We do not buttonhole or force people to converse with us. Once we present people with an invitation to interact with our message—be it a gospel tract, a billboard, a gospel ad or even a phone call—they can choose to avoid, embrace or seek further information about Jesus.
How does the Jewish community respond to Jews for Jesus?
We have organized opposition that, oddly enough, encourages us. Our opposition points to the fact that more and more Jews are coming to faith in Jesus. We are honored to be "blamed," but God deserves the credit. We lift up Jesus, but He alone can draw Jews and Gentiles to Himself.
Since we are highly visible, many Jewish leaders have denounced our organization. Many attempt to "de-legitimize" us. Some do so by alleging that we are a cult or an exotic new religion. Most will say we are dishonest and disingenuous for refusing to give up our Jewish identity since they believe anyone who believes in Jesus cannot be Jewish. In part, their attempts to undermine our credibility are intended to keep Jewish seekers away from us. However, our opposition also understands that we depend upon the friendship and support of our brothers and sisters in Christ. Statements undermining the integrity of Jewish evangelism in general and Jews for Jesus in particular drive a wedge between us and many members of Christ's Body.
How successful is your opposition?
When it comes to keeping Jewish people from hearing us, our opposition mostly affects those who are not prepared to "go against the flow." Frankly, Jewish people who would seriously consider Jesus are already questioning religious authorities and realizing they must investigate certain issues for themselves. Some may initially be leery of Jews for Jesus because of things they have heard. Yet when the time comes, chances are they will find out for themselves who we are and what we believe.
Ironically, our opposition seems to have more success within the Church. It has become increasingly popular among liberal and even among some not-so-liberal Christians to say that Jews have salvation apart from Christ. Therefore, they say that evangelizing Jewish people is an unnecessary, even un-Christian, endeavor. This is what happens when Christians view the Great Commission through the eyes of unbelieving friends and colleagues.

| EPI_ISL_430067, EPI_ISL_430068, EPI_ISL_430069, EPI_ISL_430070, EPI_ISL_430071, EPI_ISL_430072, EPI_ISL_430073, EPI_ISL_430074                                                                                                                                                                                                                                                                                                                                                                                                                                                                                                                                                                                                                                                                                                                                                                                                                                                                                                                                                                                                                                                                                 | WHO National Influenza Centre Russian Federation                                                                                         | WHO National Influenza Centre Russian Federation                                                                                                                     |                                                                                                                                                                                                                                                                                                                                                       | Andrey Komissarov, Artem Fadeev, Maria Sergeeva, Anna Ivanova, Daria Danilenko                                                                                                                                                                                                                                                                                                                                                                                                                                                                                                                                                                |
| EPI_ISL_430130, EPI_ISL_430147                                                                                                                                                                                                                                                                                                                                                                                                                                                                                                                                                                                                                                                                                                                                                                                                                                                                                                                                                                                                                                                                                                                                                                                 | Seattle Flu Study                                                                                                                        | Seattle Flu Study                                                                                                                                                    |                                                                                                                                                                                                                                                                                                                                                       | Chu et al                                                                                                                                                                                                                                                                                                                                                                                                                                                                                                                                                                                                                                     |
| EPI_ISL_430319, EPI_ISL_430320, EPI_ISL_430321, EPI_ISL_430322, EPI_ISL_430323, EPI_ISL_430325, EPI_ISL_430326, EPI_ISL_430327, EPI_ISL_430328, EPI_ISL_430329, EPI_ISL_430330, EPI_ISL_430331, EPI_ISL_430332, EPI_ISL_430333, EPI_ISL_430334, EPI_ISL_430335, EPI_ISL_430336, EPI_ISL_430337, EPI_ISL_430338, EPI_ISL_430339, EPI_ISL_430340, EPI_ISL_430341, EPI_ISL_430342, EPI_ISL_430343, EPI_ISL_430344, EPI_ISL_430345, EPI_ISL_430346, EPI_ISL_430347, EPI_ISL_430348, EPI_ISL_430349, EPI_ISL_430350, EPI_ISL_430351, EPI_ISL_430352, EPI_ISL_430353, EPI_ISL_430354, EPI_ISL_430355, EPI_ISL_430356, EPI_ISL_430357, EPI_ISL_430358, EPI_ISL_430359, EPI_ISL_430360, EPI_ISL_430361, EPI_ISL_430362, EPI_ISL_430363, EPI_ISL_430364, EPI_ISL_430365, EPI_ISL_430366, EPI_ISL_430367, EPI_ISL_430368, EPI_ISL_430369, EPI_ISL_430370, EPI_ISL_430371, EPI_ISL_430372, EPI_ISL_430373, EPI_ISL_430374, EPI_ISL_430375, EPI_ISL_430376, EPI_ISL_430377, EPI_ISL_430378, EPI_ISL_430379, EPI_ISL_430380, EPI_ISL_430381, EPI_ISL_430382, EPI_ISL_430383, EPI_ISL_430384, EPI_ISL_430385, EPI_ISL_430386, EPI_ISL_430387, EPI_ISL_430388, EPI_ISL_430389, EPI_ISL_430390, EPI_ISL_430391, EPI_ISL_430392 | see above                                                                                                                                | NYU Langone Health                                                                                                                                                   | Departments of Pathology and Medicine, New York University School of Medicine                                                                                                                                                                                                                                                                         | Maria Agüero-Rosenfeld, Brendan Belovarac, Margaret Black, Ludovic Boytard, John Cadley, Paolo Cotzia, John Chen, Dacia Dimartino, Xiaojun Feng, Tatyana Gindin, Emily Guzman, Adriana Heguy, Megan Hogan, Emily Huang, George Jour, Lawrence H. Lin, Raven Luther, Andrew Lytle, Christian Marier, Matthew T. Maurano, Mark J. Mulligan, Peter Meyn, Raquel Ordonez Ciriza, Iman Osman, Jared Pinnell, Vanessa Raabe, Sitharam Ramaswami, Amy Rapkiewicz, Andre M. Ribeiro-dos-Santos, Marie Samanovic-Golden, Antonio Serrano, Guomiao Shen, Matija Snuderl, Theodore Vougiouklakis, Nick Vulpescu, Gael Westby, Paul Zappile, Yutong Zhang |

Whereas empathy for the sensitivities of Jewish people is appreciated, it becomes tragic when allowed to take the place of a Bible-based philosophy of missions. How can one surmise from Scripture that it is insulting to speak to Jews of the love of Jesus, who came as a Jew? How can it be insulting to tell of the great sacrifice He made for all people? How can it be insulting to offer the abundant life He gives?
Unbelieving Jewish people who are willing to go against the flow to explore the gospel have a sense of what is at stake—their own salvation. Unfortunately, for some Christians, the friendship or respect of unsaved Jewish people seems to determine their view of Jewish evangelism. Saying that Jesus is the only way to salvation would mean risking rejection. Further, a Christian leader who publicly endorses Jews for Jesus may draw quite a bit of fire, and few are willing to do so over this issue. As Jews who are for Jesus, we have no choice but to make the statements and take the fire.
If we were not convinced that Jesus is the only way of salvation, we would not have given up the respect and acceptance of the Jewish community. Since we are convinced that the salvation of our people is at stake, we have to reach out and take the risk.
We are looking for more people who are willing to take the risk with us.
Please prayerfully consider the cause of Jewish evangelism and ways to be involved: perhaps through finances, prayer, talking to your pastor about having one of our speakers, or maybe even volunteer work. We will gladly send more information about these opportunities.